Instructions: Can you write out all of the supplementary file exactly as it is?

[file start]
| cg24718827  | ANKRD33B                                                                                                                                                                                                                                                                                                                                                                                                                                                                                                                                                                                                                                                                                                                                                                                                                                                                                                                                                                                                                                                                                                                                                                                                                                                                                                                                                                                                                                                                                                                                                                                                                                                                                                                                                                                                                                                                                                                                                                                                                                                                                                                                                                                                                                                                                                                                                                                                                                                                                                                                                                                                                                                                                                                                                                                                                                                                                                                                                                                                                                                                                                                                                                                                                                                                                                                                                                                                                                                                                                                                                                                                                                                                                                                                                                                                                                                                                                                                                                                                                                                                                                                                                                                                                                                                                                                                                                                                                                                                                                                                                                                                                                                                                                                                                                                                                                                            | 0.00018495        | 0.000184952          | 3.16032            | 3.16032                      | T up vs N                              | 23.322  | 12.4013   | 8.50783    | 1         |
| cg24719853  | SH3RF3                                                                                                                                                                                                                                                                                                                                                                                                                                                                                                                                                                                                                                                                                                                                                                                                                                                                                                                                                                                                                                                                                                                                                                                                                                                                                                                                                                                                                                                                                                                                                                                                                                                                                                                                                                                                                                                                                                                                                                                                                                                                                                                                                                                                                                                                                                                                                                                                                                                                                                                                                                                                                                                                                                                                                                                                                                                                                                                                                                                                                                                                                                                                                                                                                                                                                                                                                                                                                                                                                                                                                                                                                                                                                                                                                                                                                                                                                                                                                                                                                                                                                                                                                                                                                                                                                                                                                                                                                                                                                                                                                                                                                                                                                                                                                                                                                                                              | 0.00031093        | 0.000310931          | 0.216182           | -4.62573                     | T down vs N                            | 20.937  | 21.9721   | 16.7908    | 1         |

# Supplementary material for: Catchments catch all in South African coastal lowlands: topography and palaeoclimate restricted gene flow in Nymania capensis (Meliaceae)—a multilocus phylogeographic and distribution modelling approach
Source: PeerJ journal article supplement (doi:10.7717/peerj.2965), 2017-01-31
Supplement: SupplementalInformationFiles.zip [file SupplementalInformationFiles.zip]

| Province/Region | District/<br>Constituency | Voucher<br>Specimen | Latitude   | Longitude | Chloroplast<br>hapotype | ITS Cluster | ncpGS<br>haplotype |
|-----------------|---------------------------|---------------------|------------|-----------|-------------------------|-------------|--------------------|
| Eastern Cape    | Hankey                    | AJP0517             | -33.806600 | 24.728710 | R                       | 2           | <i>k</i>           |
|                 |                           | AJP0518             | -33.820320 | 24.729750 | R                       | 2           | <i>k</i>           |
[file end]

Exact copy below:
| cg24718827  | ANKRD33B                                                                                                                                                                                                                                                                                                                                                                                                                                                                                                                                                                                                                                                                                                                                                                                                                                                                                                                                                                                                                                                                                                                                                                                                                                                                                                                                                                                                                                                                                                                                                                                                                                                                                                                                                                                                                                                                                                                                                                                                                                                                                                                                                                                                                                                                                                                                                                                                                                                                                                                                                                                                                                                                                                                                                                                                                                                                                                                                                                                                                                                                                                                                                                                                                                                                                                                                                                                                                                                                                                                                                                                                                                                                                                                                                                                                                                                                                                                                                                                                                                                                                                                                                                                                                                                                                                                                                                                                                                                                                                                                                                                                                                                                                                                                                                                                                                                            | 0.00018495        | 0.000184952          | 3.16032            | 3.16032                      | T up vs N                              | 23.322  | 12.4013   | 8.50783    | 1         |
| cg24719853  | SH3RF3                                                                                                                                                                                                                                                                                                                                                                                                                                                                                                                                                                                                                                                                                                                                                                                                                                                                                                                                                                                                                                                                                                                                                                                                                                                                                                                                                                                                                                                                                                                                                                                                                                                                                                                                                                                                                                                                                                                                                                                                                                                                                                                                                                                                                                                                                                                                                                                                                                                                                                                                                                                                                                                                                                                                                                                                                                                                                                                                                                                                                                                                                                                                                                                                                                                                                                                                                                                                                                                                                                                                                                                                                                                                                                                                                                                                                                                                                                                                                                                                                                                                                                                                                                                                                                                                                                                                                                                                                                                                                                                                                                                                                                                                                                                                                                                                                                                              | 0.00031093        | 0.000310931          | 0.216182           | -4.62573                     | T down vs N                            | 20.937  | 21.9721   | 16.7908    | 1         |

# Supplementary material for: Catchments catch all in South African coastal lowlands: topography and palaeoclimate restricted gene flow in Nymania capensis (Meliaceae)—a multilocus phylogeographic and distribution modelling approach
Source: PeerJ journal article supplement (doi:10.7717/peerj.2965), 2017-01-31
Supplement: SupplementalInformationFiles.zip [file SupplementalInformationFiles.zip]

| Province/Region | District/<br>Constituency | Voucher<br>Specimen | Latitude   | Longitude | Chloroplast<br>hapotype | ITS Cluster | ncpGS<br>haplotype |
|-----------------|---------------------------|---------------------|------------|-----------|-------------------------|-------------|--------------------|
| Eastern Cape    | Hankey                    | AJP0517             | -33.806600 | 24.728710 | R                       | 2           | <i>k</i>           |
|                 |                           | AJP0518             | -33.820320 | 24.729750 | R                       | 2           | <i>k</i>           |